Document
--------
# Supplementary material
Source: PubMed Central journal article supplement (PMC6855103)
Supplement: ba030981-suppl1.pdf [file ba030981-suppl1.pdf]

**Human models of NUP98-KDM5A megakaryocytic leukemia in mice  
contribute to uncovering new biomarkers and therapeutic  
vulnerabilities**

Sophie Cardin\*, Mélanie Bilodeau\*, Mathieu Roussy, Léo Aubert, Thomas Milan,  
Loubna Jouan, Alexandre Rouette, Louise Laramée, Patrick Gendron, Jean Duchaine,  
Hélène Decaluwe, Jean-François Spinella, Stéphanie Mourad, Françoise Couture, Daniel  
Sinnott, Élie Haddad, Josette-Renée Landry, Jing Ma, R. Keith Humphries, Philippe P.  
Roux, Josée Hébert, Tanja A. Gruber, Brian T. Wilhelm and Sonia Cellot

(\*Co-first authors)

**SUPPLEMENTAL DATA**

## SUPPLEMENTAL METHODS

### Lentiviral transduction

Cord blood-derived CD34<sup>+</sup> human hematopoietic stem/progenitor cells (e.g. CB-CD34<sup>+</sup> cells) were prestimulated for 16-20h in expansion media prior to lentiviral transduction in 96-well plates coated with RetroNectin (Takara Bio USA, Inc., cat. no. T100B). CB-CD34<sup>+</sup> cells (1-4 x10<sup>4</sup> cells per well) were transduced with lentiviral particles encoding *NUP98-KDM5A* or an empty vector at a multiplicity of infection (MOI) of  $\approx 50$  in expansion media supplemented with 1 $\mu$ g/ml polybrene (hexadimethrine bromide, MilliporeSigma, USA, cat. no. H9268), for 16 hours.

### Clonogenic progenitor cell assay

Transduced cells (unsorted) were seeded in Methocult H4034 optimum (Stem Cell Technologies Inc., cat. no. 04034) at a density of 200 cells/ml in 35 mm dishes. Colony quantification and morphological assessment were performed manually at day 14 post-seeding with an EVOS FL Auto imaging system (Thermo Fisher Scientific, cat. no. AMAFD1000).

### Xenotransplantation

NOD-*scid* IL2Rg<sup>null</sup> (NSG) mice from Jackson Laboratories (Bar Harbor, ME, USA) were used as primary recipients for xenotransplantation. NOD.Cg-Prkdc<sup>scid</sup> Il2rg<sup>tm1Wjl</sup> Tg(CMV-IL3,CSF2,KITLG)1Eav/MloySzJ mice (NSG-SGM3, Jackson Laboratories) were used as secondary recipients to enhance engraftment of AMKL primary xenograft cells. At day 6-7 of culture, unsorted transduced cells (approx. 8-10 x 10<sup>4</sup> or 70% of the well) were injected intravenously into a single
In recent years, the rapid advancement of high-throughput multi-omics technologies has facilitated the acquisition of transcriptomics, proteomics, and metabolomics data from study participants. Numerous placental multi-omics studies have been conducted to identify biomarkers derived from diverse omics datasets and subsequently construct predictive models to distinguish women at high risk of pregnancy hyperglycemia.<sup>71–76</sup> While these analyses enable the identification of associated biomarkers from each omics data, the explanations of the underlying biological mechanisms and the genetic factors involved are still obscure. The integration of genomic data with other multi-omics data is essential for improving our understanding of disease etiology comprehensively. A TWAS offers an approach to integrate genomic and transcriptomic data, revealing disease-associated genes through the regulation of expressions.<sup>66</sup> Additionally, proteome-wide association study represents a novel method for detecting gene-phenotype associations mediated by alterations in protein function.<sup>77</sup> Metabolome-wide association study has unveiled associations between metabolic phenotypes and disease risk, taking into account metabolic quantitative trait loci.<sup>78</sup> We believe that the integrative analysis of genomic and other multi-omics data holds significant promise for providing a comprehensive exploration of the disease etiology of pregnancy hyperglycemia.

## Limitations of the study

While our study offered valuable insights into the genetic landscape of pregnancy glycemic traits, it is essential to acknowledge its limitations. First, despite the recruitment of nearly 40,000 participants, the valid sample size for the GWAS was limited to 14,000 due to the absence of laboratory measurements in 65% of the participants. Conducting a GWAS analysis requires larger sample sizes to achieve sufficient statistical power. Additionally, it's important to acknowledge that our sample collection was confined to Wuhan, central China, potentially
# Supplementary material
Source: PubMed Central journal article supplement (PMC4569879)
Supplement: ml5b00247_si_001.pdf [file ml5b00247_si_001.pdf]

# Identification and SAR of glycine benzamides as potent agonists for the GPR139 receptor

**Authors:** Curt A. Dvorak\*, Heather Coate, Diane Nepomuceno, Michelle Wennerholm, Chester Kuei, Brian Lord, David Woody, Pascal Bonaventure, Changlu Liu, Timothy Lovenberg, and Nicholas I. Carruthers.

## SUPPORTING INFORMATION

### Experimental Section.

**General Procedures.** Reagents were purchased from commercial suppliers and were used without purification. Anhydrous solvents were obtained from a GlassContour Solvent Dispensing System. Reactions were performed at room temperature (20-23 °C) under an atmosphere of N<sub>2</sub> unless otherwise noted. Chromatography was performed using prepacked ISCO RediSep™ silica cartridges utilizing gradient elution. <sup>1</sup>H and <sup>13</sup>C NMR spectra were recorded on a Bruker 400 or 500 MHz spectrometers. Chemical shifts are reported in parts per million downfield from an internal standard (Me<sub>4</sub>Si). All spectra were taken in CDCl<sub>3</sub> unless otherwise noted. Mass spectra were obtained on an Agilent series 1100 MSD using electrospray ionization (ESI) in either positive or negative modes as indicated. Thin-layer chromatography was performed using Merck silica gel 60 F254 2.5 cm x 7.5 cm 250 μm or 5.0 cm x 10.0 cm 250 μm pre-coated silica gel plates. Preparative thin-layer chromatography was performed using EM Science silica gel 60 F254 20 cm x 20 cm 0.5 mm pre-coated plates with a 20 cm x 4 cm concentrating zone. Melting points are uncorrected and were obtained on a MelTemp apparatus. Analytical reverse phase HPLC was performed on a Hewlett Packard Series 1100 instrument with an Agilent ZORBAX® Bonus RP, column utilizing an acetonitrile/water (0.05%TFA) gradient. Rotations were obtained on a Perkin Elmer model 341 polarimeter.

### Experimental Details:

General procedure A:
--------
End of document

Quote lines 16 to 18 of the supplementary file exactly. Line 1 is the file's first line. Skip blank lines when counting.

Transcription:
Cord blood-derived CD34<sup>+</sup> human hematopoietic stem/progenitor cells (e.g. CB-CD34<sup>+</sup> cells) were prestimulated for 16-20h in expansion media prior to lentiviral transduction in 96-well plates coated with RetroNectin (Takara Bio USA, Inc., cat. no. T100B). CB-CD34<sup>+</sup> cells (1-4 x10<sup>4</sup> cells per well) were transduced with lentiviral particles encoding *NUP98-KDM5A* or an empty vector at a multiplicity of infection (MOI) of  $\approx 50$  in expansion media supplemented with 1 $\mu$ g/ml polybrene (hexadimethrine bromide, MilliporeSigma, USA, cat. no. H9268), for 16 hours.

### Clonogenic progenitor cell assay

Transduced cells (unsorted) were seeded in Methocult H4034 optimum (Stem Cell Technologies Inc., cat. no. 04034) at a density of 200 cells/ml in 35 mm dishes. Colony quantification and morphological assessment were performed manually at day 14 post-seeding with an EVOS FL Auto imaging system (Thermo Fisher Scientific, cat. no. AMAFD1000).